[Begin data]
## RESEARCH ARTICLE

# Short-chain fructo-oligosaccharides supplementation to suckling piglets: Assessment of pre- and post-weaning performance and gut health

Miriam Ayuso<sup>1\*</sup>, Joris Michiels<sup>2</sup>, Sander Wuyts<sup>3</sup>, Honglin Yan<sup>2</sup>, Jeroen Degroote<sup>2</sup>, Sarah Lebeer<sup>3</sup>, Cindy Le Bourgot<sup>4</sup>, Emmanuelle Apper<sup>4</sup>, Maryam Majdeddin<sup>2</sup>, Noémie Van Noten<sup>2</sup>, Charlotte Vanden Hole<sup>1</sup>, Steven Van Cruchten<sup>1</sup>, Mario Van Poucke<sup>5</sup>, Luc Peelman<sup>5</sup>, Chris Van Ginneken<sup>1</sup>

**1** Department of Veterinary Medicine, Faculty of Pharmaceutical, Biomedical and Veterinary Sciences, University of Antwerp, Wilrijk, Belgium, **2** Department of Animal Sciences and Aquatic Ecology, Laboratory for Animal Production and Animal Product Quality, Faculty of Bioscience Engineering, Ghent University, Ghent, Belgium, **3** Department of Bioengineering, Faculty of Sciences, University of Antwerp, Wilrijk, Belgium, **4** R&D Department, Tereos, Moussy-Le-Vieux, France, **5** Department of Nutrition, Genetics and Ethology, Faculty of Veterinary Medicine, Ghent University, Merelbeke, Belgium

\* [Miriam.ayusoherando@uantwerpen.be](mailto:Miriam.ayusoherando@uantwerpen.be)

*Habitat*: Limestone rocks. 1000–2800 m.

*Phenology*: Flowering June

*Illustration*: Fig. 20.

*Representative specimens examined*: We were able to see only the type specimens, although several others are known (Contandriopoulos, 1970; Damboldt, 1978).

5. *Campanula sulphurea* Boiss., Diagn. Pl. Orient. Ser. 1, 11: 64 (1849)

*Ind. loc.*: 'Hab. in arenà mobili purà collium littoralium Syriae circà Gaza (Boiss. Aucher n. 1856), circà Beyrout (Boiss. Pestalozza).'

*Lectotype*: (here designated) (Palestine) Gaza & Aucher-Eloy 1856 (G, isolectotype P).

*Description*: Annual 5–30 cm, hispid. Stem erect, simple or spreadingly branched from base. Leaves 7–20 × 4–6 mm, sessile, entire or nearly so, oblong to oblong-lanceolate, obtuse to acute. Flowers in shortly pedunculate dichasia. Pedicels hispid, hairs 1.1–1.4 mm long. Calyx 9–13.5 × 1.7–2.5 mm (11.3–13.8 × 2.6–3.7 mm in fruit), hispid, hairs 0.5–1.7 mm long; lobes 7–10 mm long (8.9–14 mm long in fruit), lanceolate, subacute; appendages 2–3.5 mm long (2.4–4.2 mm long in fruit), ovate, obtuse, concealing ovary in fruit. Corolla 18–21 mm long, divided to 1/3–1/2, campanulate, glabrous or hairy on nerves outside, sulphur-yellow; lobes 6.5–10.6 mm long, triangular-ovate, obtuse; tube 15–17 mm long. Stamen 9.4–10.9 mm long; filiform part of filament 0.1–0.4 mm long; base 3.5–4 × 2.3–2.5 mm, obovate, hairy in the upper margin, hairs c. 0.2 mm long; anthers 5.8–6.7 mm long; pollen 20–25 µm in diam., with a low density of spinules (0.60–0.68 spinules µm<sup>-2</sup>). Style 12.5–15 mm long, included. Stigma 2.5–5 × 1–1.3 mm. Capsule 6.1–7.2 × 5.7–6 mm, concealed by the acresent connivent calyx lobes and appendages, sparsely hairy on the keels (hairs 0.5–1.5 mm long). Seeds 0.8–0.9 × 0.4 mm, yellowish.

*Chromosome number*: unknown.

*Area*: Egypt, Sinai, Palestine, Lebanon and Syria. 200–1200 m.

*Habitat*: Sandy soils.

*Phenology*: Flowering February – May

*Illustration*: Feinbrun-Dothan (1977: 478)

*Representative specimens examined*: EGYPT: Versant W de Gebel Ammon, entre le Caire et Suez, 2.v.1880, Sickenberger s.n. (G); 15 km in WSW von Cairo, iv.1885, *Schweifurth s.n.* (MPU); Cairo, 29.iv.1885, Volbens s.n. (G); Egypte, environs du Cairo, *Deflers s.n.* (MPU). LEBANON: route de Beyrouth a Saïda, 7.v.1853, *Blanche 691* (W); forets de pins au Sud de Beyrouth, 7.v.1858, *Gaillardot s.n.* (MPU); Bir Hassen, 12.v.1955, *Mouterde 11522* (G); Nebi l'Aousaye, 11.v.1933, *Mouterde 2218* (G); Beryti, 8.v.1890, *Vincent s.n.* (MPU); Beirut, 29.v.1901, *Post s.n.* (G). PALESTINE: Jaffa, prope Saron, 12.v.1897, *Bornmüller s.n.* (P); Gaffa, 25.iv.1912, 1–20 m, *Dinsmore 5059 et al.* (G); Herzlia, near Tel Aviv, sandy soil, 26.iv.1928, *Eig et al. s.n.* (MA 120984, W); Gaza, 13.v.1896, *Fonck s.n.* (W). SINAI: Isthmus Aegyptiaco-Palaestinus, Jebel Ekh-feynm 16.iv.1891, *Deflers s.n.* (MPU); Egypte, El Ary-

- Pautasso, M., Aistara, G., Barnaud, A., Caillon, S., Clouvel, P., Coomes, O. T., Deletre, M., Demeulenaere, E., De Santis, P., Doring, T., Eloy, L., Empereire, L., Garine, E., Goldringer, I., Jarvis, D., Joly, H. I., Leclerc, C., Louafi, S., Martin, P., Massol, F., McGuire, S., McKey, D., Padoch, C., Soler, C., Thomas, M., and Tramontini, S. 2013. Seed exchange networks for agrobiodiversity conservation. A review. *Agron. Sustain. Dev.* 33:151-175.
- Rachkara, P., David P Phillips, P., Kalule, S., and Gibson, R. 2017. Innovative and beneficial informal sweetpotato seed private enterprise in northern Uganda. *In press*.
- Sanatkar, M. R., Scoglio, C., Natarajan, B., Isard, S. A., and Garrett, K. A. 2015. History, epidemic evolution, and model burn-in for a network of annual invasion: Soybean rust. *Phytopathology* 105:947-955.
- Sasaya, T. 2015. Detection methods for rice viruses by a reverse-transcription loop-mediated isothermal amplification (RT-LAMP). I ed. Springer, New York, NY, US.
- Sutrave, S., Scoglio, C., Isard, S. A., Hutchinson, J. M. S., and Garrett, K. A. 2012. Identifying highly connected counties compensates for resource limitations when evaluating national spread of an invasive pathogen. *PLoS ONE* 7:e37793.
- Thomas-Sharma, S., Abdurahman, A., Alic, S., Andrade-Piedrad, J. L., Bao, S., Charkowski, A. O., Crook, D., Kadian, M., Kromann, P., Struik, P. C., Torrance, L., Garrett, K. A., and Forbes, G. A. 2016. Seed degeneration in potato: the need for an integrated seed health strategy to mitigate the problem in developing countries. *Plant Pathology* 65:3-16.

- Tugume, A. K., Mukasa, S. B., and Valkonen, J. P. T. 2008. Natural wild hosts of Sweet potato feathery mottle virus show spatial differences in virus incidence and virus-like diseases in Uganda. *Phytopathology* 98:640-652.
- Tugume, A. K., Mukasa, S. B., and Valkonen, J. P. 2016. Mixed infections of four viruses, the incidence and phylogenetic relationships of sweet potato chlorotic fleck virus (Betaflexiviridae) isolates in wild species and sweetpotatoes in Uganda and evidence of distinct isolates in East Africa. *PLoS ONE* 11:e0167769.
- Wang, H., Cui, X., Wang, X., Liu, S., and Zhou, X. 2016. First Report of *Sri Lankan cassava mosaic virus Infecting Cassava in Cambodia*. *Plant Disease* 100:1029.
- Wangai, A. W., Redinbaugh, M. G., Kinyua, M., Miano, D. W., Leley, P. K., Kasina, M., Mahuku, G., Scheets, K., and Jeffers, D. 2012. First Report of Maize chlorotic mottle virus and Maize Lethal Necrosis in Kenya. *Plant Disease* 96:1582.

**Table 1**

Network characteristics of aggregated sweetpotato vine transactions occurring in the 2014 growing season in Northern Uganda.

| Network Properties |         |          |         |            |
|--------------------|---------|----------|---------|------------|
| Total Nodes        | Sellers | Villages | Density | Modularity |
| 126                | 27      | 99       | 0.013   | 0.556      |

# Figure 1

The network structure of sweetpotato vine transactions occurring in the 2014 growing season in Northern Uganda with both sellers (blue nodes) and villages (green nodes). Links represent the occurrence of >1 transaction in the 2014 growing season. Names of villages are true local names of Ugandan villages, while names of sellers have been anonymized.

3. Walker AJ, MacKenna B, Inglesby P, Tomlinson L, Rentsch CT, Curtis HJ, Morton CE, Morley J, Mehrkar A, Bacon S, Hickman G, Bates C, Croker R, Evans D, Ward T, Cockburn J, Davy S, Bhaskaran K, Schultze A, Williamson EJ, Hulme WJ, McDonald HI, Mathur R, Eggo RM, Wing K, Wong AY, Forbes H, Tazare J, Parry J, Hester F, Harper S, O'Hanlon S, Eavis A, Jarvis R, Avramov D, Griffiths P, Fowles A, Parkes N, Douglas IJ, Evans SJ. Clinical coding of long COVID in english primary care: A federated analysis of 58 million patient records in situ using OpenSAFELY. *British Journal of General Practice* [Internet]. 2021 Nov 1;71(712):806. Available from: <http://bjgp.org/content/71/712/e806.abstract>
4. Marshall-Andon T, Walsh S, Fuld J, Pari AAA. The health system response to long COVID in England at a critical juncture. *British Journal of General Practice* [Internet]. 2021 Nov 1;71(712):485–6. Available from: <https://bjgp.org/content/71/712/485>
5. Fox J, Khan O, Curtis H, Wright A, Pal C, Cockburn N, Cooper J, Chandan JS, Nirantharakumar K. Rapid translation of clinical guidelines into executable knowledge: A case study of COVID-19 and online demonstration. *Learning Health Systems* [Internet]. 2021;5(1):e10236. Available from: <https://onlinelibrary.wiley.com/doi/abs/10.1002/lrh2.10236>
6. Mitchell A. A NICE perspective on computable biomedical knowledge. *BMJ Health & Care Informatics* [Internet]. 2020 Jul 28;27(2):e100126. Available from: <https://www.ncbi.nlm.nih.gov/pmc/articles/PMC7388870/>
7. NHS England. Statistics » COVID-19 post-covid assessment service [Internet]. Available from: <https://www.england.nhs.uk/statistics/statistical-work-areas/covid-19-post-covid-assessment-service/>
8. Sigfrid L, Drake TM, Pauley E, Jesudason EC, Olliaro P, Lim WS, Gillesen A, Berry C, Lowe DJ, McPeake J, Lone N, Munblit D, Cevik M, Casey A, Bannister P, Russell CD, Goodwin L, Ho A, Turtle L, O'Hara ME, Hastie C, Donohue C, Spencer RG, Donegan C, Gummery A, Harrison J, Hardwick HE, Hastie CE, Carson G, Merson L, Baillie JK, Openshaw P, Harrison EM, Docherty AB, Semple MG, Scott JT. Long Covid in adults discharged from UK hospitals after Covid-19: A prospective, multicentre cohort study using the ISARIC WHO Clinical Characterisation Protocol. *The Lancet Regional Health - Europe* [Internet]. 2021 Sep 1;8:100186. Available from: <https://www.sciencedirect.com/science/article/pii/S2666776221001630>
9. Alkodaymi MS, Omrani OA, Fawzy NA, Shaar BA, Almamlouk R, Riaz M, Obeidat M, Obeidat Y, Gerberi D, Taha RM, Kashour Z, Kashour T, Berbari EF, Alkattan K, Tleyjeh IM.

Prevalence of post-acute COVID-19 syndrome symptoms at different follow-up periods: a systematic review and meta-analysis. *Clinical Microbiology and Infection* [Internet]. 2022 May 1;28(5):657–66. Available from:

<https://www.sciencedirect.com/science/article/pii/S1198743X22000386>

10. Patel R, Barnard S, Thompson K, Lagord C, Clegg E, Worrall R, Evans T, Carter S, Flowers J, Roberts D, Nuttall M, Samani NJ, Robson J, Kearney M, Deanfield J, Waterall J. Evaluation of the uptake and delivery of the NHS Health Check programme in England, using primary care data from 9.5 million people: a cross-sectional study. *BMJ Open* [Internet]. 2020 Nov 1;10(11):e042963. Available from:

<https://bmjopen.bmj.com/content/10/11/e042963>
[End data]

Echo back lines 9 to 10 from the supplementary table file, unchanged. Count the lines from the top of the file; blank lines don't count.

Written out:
*Representative specimens examined*: We were able to see only the type specimens, although several others are known (Contandriopoulos, 1970; Damboldt, 1978).

5. *Campanula sulphurea* Boiss., Diagn. Pl. Orient. Ser. 1, 11: 64 (1849)